While your familiar is within 100 feet of you, you can communicate with it telepathically. Additionally, as an action, you can see through your familiar’s eyes and hear what it hears until the start of your next turn, gaining the benefits of any special senses that the familiar has. During this time, you are deaf and blind with regard to your own senses.
You can’t have more than one familiar at a time. If you cast this spell while you already have a familiar, you instead cause it to adopt a new form. Choose one of the forms from the above list. Your familiar transforms into the chosen creature.
Finally, when you cast a spell with a range of touch, your familiar can deliver the spell as if it had cast the spell. Your familiar must be within 100 feet of you, and it must use its reaction to deliver the spell when you cast it. If the spell requires an attack roll, you use your attack modifier for the roll.
As you might have realized from the amount of text present in this spell description, Find Familiar is capable of a great many things. One of the most straightforward applications is combat. Assuming you picked the owl option,* your familiar can fly up to an opponent, take the help action, and fly away without incurring an opportunity attack. If you’re a pure caster, this is free advantage for one of your martial friends, while spell-blades can use that advantage themselves.
The familiar can also be used to deliver touch spells. This use does have the drawback of leaving your familiar sitting next to the spell’s target, vulnerable to attack. The reason for this is how turns are ordered in 5E. If you want to cast a touch spell, your familiar has to fly up to the target and end its turn there. You can then cast the spell through the familiar, but since the familiar already took its turn, it has to wait until the next round to get out of harm’s way.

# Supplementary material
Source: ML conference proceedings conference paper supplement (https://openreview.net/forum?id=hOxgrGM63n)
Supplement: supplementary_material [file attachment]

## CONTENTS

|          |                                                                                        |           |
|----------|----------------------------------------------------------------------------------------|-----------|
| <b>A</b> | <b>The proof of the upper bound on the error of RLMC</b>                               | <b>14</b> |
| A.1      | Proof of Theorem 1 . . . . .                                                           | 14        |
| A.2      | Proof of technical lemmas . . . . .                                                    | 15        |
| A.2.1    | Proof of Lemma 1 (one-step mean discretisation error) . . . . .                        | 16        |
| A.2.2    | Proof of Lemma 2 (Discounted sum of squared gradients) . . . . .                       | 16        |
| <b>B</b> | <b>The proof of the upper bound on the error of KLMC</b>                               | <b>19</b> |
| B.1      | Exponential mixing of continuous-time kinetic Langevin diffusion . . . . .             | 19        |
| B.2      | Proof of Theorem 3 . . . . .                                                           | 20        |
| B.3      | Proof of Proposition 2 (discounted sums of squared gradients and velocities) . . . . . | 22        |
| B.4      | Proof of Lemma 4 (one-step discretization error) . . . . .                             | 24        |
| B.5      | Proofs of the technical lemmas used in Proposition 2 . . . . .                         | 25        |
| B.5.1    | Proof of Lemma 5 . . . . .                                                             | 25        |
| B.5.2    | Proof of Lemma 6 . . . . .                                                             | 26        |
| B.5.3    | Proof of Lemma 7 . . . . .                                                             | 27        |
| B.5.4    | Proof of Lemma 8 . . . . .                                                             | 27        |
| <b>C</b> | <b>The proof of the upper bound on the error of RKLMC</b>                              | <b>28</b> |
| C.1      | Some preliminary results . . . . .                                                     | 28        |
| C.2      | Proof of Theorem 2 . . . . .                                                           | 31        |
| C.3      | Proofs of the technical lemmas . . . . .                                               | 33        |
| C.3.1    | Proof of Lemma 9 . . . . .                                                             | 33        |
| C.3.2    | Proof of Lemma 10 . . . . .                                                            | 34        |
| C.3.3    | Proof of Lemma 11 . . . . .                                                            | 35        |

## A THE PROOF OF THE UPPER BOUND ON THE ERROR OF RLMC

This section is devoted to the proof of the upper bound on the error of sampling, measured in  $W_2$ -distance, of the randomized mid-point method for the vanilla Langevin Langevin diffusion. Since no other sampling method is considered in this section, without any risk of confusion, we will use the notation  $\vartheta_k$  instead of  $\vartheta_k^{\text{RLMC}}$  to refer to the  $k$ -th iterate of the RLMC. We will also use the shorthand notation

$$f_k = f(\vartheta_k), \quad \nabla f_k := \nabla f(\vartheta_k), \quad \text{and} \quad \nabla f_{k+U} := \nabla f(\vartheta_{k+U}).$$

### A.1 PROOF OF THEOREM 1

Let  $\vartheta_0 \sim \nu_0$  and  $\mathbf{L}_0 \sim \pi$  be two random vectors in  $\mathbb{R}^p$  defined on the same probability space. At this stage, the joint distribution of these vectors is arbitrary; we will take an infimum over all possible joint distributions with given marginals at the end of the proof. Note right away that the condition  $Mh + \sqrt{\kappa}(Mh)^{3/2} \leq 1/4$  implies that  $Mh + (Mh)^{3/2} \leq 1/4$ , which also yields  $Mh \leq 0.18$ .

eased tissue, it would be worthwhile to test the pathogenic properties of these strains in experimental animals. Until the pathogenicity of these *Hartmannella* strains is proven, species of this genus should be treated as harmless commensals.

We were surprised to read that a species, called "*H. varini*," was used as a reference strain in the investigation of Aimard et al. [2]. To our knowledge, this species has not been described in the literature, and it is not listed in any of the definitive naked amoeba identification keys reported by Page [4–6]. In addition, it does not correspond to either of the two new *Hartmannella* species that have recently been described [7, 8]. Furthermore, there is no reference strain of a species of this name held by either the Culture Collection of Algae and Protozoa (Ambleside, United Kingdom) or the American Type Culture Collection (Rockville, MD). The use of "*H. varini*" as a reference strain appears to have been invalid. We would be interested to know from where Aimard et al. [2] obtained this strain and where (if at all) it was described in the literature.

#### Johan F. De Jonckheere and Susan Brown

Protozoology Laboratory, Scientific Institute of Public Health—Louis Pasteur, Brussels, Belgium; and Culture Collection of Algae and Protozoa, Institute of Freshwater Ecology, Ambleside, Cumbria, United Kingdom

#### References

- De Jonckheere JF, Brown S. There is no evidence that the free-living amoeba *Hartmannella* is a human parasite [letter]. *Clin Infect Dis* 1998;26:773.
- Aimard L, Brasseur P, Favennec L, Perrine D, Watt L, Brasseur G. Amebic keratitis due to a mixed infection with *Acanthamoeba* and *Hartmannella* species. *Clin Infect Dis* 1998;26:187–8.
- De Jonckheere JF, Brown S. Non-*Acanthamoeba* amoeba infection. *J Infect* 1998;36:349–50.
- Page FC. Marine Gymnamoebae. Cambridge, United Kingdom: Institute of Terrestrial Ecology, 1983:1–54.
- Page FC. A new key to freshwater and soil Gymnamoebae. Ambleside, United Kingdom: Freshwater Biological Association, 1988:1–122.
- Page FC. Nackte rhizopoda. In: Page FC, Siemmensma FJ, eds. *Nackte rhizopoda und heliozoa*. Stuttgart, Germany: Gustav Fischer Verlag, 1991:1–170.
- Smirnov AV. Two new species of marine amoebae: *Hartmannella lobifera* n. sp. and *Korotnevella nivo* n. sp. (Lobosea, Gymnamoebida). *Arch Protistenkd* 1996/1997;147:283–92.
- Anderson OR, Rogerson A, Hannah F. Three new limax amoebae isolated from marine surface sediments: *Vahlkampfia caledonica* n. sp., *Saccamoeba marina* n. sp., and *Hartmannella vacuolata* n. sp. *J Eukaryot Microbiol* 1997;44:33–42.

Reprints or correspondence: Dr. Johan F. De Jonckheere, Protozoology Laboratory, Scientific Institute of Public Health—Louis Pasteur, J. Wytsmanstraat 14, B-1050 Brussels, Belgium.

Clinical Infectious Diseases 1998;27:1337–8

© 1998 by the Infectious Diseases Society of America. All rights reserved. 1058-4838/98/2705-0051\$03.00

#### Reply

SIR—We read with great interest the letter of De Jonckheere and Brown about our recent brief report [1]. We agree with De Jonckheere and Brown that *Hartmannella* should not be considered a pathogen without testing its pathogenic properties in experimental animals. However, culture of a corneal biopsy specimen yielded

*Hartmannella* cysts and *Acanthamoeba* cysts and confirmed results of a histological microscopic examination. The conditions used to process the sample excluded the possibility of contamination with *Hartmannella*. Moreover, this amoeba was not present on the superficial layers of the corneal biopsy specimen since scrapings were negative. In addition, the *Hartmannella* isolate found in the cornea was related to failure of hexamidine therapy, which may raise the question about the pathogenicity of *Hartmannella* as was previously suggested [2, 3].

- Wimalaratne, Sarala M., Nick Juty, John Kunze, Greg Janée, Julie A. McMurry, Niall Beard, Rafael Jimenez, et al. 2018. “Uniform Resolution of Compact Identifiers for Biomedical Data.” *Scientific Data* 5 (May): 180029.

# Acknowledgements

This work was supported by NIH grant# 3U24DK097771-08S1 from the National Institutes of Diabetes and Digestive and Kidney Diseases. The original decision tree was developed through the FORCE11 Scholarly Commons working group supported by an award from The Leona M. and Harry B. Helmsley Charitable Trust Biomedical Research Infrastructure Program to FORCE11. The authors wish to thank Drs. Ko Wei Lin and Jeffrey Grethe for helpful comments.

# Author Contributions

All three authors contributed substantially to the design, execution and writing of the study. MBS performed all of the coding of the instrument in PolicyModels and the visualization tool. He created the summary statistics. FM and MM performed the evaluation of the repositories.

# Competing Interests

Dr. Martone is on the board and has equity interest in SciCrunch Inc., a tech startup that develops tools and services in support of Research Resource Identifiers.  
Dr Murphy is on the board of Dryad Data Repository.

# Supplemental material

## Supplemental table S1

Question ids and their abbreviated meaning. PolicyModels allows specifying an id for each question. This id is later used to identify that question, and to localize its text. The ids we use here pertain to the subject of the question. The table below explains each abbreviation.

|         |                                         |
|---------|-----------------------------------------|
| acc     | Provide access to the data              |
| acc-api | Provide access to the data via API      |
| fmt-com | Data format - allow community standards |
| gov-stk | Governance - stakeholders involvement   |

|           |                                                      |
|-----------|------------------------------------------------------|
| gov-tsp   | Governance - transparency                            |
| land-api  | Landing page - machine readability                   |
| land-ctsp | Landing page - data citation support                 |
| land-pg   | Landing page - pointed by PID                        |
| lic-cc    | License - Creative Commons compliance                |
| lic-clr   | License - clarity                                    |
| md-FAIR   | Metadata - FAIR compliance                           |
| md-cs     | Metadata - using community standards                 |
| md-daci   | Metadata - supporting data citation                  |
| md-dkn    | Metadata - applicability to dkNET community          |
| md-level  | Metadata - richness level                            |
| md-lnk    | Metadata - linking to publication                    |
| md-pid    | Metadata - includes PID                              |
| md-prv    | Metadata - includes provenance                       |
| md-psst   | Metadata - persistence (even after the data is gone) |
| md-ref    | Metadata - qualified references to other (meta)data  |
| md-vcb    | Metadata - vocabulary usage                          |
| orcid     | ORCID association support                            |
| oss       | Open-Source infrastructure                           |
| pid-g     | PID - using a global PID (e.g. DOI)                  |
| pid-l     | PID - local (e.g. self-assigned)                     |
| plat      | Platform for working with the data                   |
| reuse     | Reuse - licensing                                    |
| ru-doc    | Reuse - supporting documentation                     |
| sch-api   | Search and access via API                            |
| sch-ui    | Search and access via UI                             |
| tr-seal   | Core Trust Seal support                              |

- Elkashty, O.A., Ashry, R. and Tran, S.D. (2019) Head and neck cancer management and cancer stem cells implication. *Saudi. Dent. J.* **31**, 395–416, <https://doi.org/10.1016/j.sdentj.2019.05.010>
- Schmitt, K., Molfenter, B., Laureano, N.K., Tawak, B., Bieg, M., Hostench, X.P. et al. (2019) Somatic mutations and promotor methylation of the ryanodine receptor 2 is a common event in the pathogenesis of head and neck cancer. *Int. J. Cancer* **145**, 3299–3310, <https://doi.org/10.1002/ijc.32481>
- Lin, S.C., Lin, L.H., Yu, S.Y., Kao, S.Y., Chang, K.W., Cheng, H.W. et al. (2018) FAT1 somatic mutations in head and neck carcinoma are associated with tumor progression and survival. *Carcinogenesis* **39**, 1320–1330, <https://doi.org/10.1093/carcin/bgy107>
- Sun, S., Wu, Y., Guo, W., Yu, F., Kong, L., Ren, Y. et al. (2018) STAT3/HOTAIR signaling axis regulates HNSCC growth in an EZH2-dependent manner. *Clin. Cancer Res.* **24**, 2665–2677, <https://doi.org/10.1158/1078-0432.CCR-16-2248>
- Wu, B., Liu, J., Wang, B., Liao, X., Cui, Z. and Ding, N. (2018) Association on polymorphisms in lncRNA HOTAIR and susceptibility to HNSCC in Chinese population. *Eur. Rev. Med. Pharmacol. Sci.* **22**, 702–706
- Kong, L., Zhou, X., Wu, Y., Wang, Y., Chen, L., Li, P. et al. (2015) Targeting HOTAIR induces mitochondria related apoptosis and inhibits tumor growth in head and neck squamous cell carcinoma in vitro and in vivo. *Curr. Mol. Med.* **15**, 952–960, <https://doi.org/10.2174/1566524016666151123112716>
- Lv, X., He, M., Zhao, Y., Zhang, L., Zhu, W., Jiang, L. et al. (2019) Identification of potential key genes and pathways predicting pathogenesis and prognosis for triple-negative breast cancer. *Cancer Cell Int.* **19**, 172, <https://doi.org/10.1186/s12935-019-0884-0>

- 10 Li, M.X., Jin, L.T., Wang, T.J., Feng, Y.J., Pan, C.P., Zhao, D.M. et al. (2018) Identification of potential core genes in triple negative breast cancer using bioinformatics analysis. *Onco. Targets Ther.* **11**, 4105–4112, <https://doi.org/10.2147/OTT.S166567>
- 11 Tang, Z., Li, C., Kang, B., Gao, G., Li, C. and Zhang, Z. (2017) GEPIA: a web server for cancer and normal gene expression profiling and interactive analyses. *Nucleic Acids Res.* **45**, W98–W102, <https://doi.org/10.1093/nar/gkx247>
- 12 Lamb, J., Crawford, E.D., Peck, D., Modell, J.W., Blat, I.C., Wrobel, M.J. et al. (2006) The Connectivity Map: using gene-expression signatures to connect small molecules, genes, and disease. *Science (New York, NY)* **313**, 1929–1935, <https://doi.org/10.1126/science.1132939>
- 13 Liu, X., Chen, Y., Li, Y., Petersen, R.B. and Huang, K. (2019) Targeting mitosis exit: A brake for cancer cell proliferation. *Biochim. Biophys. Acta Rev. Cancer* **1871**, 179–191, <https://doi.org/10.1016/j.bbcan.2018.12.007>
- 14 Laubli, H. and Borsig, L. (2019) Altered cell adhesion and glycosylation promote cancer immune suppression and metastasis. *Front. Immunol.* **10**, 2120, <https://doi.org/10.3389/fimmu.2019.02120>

Last but not least, let’s talk about the spell’s non-combat uses. The ability to share your familiar’s senses means you have a small, disposable scout to make sure you know about any nasty surprises coming up around the next corner. Much like Healing Word, any build that can take this spell should. Most of the time, that selection is limited to wizards, but there are a handful of ways to gain the spell through class features or feats. Fourth place goes to 5E’s owl factory.
Up to ten berries appear in your hand and are infused with magic for the duration. A creature can use its action to eat one berry. Eating a berry restores 1 hit point, and the berry provides enough nourishment to sustain a creature for one day.
The berries lose their potency if they have not been consumed within 24 hours of the casting of this spell.
As good as the last two spells are, neither of them alters the math of 5E the way Goodberry can. On its own, this spell is an efficient, if unremarkable, out-of-combat healing option. However, combine this with one level of Life cleric and the spell goes from healing 10 hit points to healing 40 hit points.* This means one character can output healing in the hundreds between every encounter.
What makes this game defining is how it removes one of the major resource drains on the party: their health. Most healing in 5E is inefficient enough that damage taken during a fight either has to be healed with a short rest or sticks with the group into whatever comes next. Now, the entire party can be fully healed between fights, and it only costs a few low-level spell slots.
Any build that casts spells and can fit in a level of Life cleric should pick up Goodberry if they can. This can be somewhat difficult, as it requires either one level of druid* or two levels of ranger. Thankfully, the Mark of Hospitality halfling ancestry provides the spell, so now you can grab it with no additional multiclassing. This is the best healing spell in the game and easily claims third place.
2. Silvery Barbs
Casting Time: 1 reaction, which you take when a creature you can see within 60 feet of yourself succeeds on an attack roll, an ability check, or a saving throw